A THOUGHT THAT KEEPS RECURRING


ANALYSING TERRORISM IN PAKISTAN

Khan Zia

Is it really possible for an organisation like al-Quaida to exist, let aside operate, in the present environment where every letter, telephone call, e-mail, passport, visa, airline ticket, credit card transaction, bank transfer; aircraft, ship and boat movement, etc. in every corner of the world is being constantly monitored? Prior to the neo-cons miraculously discovering it as an excuse for attacking Afghanistan no one had even heard of al-Quaida. Pakistan’s Minister of Interior at the time, General Haider, admitted as much. The erstwhile British Foreign Secretary is on record having stated that al-Quaida was the title of a CIA file with particulars of Arab volunteers in the war against the Soviets.

Is it realistically possible for a man afflicted with terminal kidney disease and in constant need of dialysis to create, organise and continue to operate from the caves of Afghanistan an omnipotent hydra, capable of striking anywhere in the world at any time, at the drop of a hat? What kind of fools does Hilary Clinton think we are when she implies that Pakistan may still be protecting bin Laden and when her own officials have testified to his probable demise in December 2001?

In testifying before the Congress recently, the US Defence Secretary, head of CIA as well as General Petraeus admitted that there were only fifty or so al-Quaida members left. Are the western intelligence and security agencies really so dismally inept that they have not been able to root these out in ten years? Does NATO need to deploy 140,000 troops in Afghanistan indefinitely to control this many fugitives?

Coming to Taliban in Afghanistan, theirs was the friendliest government Pakistan ever had in that country and this can’t be a cause for complaint. What they did internally was their business; we were not obliged to follow suit. There is also no evidence of any kind that the Afghan Taliban had anything to do with 9 / 11 or intended any harm to the US. It is quite wrong to say that the attack was planned in Afghanistan; it was planned in Hamburg, Germany.

It is illogical that the Afghan Taliban should be Pakistan’s enemies. They need the latter to survive now and in the future. But there are parties that would dearly like to sell the idea that the war against Taliban is also Pakistan’s war. That being the case, would they not try to create situations to support this proposition?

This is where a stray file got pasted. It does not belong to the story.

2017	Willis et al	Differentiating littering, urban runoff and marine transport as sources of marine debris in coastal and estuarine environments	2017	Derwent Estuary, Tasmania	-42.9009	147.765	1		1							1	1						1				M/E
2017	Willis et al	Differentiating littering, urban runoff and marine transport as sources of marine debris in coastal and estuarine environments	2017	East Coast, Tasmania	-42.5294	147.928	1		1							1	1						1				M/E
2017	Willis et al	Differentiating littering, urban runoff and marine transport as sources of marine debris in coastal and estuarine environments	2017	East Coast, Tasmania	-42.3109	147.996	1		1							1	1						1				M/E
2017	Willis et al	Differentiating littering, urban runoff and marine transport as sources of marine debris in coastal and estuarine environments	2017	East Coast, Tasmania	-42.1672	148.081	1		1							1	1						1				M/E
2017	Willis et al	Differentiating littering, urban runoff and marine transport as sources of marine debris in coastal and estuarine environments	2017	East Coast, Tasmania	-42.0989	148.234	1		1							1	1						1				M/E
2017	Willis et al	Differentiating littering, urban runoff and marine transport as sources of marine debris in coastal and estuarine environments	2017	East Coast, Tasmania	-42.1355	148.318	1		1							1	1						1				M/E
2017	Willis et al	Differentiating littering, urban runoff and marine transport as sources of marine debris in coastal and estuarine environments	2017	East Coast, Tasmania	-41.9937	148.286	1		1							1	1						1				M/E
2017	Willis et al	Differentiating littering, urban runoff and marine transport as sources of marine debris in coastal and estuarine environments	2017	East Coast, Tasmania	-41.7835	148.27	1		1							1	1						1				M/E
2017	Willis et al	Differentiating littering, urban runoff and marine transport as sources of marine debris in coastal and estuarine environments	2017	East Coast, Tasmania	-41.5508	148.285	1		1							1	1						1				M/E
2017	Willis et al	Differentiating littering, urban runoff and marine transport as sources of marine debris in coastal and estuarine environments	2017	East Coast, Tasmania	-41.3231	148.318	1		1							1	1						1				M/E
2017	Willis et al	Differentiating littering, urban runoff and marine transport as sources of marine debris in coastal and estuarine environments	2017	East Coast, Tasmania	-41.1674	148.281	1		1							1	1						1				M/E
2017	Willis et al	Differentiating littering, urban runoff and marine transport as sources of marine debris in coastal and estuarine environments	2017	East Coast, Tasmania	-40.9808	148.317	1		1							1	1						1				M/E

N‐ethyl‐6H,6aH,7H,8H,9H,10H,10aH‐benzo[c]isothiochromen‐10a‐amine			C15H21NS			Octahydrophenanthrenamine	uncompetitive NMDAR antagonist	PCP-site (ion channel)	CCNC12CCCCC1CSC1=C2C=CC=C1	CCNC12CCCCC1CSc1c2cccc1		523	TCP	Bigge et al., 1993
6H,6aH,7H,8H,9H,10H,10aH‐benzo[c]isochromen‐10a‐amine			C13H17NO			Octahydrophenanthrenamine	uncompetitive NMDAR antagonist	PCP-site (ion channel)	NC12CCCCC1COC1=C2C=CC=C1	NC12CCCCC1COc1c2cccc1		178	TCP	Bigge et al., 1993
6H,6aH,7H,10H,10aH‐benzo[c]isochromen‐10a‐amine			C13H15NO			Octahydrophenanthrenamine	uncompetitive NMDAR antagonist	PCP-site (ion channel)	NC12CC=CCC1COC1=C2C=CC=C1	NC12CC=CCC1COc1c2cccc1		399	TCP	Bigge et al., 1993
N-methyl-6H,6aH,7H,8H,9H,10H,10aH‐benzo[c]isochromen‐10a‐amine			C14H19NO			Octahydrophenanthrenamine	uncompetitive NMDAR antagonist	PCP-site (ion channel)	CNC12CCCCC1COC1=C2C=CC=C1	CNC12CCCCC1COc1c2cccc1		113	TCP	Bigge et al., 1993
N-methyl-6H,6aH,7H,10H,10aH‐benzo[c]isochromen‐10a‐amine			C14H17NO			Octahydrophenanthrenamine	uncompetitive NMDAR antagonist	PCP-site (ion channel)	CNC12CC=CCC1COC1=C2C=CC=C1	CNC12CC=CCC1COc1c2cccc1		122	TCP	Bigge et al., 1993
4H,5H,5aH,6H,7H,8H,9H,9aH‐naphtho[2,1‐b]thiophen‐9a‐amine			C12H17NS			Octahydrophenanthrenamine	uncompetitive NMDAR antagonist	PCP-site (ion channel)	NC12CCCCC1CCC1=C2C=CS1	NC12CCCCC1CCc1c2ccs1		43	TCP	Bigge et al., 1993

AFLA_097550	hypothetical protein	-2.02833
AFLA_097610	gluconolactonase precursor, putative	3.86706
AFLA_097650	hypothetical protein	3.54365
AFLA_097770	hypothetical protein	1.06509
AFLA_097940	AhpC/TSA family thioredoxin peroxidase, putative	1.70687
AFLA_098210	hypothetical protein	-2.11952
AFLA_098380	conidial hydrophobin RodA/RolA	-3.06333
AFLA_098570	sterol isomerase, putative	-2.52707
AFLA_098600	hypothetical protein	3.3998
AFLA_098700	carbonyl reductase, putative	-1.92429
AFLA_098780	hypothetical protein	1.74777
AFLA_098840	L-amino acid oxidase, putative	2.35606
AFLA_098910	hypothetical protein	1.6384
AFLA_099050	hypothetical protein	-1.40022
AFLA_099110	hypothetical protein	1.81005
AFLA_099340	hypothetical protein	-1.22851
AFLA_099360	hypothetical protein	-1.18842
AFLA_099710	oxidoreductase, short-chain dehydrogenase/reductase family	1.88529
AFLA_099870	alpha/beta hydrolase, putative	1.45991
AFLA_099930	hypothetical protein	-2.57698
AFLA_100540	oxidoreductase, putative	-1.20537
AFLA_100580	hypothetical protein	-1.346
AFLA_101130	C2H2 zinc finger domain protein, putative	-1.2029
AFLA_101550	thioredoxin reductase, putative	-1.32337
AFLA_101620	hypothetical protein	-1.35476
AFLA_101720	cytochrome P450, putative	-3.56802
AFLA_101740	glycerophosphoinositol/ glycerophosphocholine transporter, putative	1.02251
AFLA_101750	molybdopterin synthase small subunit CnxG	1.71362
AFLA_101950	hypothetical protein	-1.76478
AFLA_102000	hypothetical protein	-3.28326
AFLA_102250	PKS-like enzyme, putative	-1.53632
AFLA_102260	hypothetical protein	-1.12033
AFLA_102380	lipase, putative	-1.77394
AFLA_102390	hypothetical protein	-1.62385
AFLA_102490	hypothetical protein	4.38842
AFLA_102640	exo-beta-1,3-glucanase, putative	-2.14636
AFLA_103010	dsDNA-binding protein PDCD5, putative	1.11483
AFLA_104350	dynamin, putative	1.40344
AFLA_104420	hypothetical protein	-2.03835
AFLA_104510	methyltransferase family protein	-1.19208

It is naïve to blame Taliban for all the acts of terrorism in Pakistan regardless of the claims that are made. We can never be sure of who makes these. There are all kinds of elements involved. Anyone can purchase a suicide bomber or two for a price these days. True, some of them may well be in it for revenge for their near and dear ones killed by the Pakistan Army in an operation in Waziristan that was wholly uncalled for.

Even after the occupation of Afghanistan there was no trouble of any kind in FATA and no cause for any military action in the area (please see the then Corps Commander Gen. Ali Jan Orakzai’s statement in this video: http://www.pkmirror.com/2010/01/28/islamabad-tonight-28-jan-10/

If there was no trouble, why was the Pakistan army deployed in the region and, more significantly, why did it undertake such heavy-handed operations in civilian areas that resulted in the deaths of our own innocent citizens? Apart from the dead, there are reportedly over two million displaced persons today. To call it ‘acceptable collateral damage’ is heartless or worse. It is a crime against humanity as per the Geneva Conventions Part IV of Protocol I, chapters 1 – 5, articles 48 – 59.

It is naive to think that people will not react in some way if they are attacked, their homes destroyed and their kith and kin killed for no reason. Did we not know that the Pathans will avenge the deaths of those killed by the army? Whichever way you look at it, there is no one to blame but us for inflicting this heartless and shameful tragedy on our own people.

We knowingly chose to fight and kill them, for reasons that had nothing to do with the victims, and now protest because those closer to us are being hurt as a consequence. The time to protest was when the army was deployed and totally innocent civilians began to die in Waziristan. If the intention was simply to apprehend some accused persons, was this the professional and right way of going about it?

If that was in the past what is the answer now? Stop the endless war and the killing that is both meaningless and mindless. Apart from anything else we cannot afford it. The defence budget has increased four-fold and the country is teetering on the edge of bankruptcy because of it. Sit down at the negotiating table and make amends for all the wrongs we have done. There is no shame in it for these are our own people. There is no reason whatsoever to tie it to the situation in Afghanistan. If anything, it will help expedite resolution of the latter.

It might also save Pakistan for the future generations. The alternative is disintegration of the nation, destruction of the economy, demoralisation and subversion of discipline in the armed forces. Just think, instead of facing imminent food shortages and economic collapse, how many hydro-electric dams, schools, hospitals, universities, roads, railways, etc. could have been built with the seventy billion dollars or more that were blown away fighting a war that we provoked and that had nothing to do with us?

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One Response to “A THOUGHT THAT KEEPS RECURRING”

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